The shrill bell on the intercom rings through the apartment. It’s five thirty p.m. and Marie’s still in bed. She struggles to open her eyes to squint at the red numbers on her alarm clock. She remembers yesterday evening. She felt like having cocktails with vodka and pineapple juice. As she drained her third glass she realized she’d taken two sleeping pills a couple of hours earlier. The combination of alcohol and medication sent her into a deep sleep at just six in the evening. She gets up. Her head spins. She’s going to throw up. The bell is still invading her home. Someone’s determined to disturb her. She hasn’t tidied the apartment. She traipses into the corridor, crushes an orange juice carton.
The sticky liquid spills over the floor. She kicks aside several greasy fast-food boxes, slides along a wall to reach the front door. Her husband’s entire collection of miniature cars crashes to the floor. The broken pieces roll away, disappearing between the deep floorboards. Marie can’t open her eyes properly, the sleeping pills are still having a powerful effect. With one last effort, resting her elbows on the console table in the hall to stay on her feet, she manages to grab the handset of the intercom. Knowing she won’t be able to articulate a single word, she waits for an answer.
“Marie? It’s Mom.” Her mother is bringing the baby back. Marie drops the handset. Her mother yells to be let in, Marie automatically presses the button. Her body sways forward, backward, in every direction, like a lonely boat in the middle of a storm. She’s lost all her bearings, lost the energy to justify herself, fight her corner, clean, tidy up. Her brain isn’t getting enough blood anymore. It’s too late. She wants to lie down. She heads back to the living room and brushes the leftovers of pizza onto the carpet.
She hears her mother arrive and open the door. “Marie? Where the heck are you?” Then silence. Marie wants to sleep. She can feel her mother’s concern. Thomas is in his buggy, whimpering. “What the hell happened here? You . . . you need to get some fresh air in here. Marie! What is this?” Irene shakes her daughter’s inert body. She surveys the room. Marie tells her she took some sleeping pills the day before and that she’s still under the influence of them. Her mother gets up, draws back the curtains and opens all the windows one by one. A fresh breeze floods the apartment. There’s air inside again. Irene starts tidying up: with a garbage bag in one hand she picks up the detritus strewn all over the floor. “I’m going to make you a big mug of strong coffee to wake you up.” Marie hears water running. Her mother helps her to her feet, strips her completely naked. There’s dried blood on her thighs. Her pubic area is dirty, her armpits give off a strong smell of sweat that pervades the whole bathroom, there are long trails of white and yellow in her panties. Irene lifts her up to help her into the scalding water. Marie’s hands are filthy too, her black nails cling to her mother’s skinny arms while Irene battles with all her strength to hold her upright in the bath. Marie closes her eyes, her head leaning on the edge of the tub. Her face is gaunt, pained, puffy in places like an old hobo who has spent all her winters out of doors. “You relax. I’ll be back, I’m going to clean up the apartment and deal with Thomas. I’m staying here tonight.”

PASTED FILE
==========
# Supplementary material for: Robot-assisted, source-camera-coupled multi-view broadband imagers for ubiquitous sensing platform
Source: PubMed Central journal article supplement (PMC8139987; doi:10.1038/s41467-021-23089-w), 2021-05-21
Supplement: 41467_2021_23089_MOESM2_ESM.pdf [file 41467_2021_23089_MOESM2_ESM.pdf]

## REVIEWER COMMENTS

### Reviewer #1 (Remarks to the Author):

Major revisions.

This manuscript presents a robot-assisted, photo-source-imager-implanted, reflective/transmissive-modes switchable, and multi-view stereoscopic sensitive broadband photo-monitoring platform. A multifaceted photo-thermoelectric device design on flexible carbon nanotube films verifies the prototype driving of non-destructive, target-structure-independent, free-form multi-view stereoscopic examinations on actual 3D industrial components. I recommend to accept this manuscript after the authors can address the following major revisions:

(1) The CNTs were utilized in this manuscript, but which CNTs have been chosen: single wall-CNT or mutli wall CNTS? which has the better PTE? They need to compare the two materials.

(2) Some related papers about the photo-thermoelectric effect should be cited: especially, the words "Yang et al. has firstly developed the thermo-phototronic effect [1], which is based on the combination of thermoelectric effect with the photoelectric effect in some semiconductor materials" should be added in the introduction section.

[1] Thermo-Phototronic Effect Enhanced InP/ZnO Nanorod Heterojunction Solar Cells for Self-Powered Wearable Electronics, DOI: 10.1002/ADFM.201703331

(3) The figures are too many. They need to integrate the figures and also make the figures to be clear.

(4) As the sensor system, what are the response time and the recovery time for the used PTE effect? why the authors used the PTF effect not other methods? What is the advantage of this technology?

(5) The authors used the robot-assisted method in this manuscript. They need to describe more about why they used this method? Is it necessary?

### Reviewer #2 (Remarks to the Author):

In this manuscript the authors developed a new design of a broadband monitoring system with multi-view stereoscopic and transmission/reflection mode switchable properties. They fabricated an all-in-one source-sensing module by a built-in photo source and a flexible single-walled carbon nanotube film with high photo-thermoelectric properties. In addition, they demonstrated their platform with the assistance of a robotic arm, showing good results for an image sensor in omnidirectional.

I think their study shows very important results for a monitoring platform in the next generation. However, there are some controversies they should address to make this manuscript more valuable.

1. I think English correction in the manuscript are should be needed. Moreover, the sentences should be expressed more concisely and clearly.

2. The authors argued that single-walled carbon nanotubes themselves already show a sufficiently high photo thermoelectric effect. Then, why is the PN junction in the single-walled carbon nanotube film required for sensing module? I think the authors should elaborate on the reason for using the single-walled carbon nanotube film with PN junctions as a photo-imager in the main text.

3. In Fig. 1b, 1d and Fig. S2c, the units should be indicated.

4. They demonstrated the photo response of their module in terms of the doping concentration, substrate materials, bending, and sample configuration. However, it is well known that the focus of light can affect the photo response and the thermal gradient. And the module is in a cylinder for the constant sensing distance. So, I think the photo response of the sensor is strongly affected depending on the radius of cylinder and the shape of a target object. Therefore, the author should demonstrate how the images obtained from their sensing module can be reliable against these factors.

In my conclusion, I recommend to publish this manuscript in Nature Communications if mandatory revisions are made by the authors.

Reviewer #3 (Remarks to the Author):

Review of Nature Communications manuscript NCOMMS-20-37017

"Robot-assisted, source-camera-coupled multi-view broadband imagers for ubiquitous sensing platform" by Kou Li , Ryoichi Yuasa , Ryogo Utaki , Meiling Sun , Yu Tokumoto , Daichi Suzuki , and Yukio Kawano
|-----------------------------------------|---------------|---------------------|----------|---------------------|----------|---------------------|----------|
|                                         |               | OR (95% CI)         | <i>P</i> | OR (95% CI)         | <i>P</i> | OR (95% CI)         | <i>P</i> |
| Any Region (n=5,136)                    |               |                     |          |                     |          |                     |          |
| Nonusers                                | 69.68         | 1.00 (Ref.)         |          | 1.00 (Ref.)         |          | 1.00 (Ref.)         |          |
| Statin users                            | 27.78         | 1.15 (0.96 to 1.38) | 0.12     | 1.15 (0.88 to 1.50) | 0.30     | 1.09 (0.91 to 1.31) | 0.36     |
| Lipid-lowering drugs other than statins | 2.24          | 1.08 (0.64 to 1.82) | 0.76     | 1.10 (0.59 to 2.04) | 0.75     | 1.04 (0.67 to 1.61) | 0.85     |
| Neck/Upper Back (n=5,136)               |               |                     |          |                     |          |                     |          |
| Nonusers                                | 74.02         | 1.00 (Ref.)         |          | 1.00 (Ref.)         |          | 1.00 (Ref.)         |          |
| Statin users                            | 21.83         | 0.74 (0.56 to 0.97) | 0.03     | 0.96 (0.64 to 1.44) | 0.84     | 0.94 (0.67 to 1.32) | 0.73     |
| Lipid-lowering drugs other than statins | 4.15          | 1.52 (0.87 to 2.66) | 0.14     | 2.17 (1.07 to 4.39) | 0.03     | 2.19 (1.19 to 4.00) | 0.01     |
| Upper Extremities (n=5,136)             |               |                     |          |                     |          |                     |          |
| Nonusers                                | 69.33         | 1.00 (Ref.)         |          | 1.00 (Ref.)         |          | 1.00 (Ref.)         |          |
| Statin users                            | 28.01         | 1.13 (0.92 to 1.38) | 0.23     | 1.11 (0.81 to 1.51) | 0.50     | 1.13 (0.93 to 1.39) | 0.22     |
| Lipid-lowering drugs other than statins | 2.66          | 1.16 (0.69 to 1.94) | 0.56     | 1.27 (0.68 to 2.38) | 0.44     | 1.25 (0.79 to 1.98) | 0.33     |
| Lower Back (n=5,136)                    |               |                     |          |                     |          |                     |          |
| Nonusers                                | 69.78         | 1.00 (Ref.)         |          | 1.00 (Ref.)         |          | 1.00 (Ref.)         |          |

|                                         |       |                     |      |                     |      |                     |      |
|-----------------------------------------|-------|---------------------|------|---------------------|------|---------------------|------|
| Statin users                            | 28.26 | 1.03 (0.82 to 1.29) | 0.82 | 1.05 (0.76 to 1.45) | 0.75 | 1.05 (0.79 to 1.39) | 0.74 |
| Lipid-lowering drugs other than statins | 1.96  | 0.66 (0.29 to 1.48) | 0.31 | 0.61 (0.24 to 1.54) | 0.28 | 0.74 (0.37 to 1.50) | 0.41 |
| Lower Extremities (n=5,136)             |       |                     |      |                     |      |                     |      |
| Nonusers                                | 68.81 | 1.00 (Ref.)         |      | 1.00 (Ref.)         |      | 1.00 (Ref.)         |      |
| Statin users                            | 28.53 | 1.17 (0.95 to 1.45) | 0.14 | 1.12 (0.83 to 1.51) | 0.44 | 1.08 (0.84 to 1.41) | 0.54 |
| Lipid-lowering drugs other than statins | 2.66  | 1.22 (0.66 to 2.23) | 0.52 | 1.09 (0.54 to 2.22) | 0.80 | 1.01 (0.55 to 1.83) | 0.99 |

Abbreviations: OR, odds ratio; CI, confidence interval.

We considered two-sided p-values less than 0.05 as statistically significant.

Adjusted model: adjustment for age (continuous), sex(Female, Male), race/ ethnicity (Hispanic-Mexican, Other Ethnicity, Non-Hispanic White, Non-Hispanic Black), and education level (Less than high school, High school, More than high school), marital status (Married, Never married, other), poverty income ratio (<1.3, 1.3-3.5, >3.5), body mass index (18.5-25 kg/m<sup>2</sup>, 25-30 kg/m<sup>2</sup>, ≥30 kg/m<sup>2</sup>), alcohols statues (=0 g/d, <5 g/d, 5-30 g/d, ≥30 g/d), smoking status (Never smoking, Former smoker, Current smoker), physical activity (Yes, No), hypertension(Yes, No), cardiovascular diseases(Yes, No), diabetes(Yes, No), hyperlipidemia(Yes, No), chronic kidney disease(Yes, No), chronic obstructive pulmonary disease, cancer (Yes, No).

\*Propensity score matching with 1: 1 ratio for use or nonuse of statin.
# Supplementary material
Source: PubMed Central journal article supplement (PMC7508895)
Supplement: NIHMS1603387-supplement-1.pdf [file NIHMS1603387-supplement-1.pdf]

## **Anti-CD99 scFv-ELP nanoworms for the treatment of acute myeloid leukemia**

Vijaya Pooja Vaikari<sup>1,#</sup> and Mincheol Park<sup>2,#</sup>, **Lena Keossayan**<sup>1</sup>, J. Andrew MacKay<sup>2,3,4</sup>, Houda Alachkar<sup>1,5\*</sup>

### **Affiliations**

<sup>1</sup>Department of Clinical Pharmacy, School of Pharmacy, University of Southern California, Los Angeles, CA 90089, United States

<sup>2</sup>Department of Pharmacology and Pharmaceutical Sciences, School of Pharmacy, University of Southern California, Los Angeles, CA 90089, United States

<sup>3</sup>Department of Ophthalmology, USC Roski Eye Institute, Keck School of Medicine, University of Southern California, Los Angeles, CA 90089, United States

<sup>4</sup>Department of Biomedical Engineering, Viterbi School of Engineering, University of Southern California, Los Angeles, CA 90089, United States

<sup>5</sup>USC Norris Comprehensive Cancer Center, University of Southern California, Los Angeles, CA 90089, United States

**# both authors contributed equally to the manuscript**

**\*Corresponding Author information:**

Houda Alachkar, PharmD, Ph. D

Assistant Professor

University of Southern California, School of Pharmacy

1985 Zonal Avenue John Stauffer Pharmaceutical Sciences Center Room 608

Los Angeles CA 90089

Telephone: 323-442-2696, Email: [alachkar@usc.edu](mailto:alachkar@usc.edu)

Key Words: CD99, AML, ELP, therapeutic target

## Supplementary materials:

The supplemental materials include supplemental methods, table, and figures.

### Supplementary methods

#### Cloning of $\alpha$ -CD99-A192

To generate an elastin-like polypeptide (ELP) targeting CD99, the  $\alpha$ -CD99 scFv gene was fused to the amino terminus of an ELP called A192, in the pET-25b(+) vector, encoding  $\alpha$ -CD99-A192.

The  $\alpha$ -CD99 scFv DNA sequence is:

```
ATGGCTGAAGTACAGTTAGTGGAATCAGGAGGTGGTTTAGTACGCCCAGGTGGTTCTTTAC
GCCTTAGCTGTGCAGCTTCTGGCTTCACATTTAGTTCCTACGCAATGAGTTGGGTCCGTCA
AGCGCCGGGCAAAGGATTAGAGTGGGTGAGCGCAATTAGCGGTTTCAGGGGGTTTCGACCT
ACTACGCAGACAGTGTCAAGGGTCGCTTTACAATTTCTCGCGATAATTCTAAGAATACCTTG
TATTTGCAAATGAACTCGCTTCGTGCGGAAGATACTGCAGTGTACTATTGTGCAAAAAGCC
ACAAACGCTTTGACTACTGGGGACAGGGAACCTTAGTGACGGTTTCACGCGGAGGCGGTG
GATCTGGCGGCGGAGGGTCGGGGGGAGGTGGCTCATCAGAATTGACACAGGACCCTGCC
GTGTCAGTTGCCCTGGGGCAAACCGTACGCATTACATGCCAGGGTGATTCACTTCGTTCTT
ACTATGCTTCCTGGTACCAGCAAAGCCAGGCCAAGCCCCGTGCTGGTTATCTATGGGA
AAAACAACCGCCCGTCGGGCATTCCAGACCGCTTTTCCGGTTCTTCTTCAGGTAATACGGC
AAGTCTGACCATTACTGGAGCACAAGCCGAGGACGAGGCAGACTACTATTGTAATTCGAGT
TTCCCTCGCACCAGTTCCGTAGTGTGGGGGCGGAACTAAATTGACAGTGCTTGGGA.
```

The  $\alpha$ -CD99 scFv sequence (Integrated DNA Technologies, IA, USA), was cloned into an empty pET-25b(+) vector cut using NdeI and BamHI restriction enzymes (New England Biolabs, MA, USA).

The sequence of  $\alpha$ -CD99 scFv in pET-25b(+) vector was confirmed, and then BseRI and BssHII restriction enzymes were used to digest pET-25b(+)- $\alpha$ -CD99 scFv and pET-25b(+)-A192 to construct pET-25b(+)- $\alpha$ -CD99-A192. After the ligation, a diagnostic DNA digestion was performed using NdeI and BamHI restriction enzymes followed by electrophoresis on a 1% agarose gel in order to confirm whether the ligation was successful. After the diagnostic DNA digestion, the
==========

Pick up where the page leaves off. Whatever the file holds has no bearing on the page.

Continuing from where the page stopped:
In the kitchen, Irene gathers all the plates and things piled up in the sink and puts them into the dishwasher. She doesn’t understand her daughter. She remembers Marie was always a mysterious little girl.
As a child, she never lied, but she told the truth only if asked direct questions. Marie’s father also cultivates this tendency for secrecy. Irene’s cell phone rings. She comes back into the living room from the kitchen that’s strewn with trash. It’s Laurent: “I can’t get hold of Marie. I’m kind of worried. Is everything okay? Are you at the apartment with her and Thomas?” Irene says she is, reassures him, tells him everything’s fine and there’s no need to worry. He’s coming home tomorrow evening. She’ll have time to clean everything up and deal with her daughter before he’s back.
She spots the pile of broken photo frames in the corner of the living room. She picks up the picture of Thomas and Laurent and puts it on the sideboard. “I forgot to put them back.” Marie is standing behind her mother. Water drips heavily from the ends of her wet hair.
“You can explain tomorrow if you want to. Right now, off to bed with you or you’ll fall over.”
Marie drifts away, dragging her feet. She isn’t ashamed. There are few women who are genuinely misanthropic and dare to shoulder the onus for not being productive and sociable. A man’s sloppiness is often seen as more natural, an expression of free-spiritedness even. A woman’s goes against nature. Over the course of this short week, Marie has felt rather proud that she belonged to this new generation of women who don’t do a fucking thing and whose only progeny is their own pleasure. Irene works her way through the chaos left by her daughter. Thomas watches from a distance, still strapped into his buggy. Impotently witnessing the catastrophe of his birth.
From This Little Family by Inès Bayard. Used with the permission of the publisher, Other Press. Copyright © 2020 by Inès Bayard.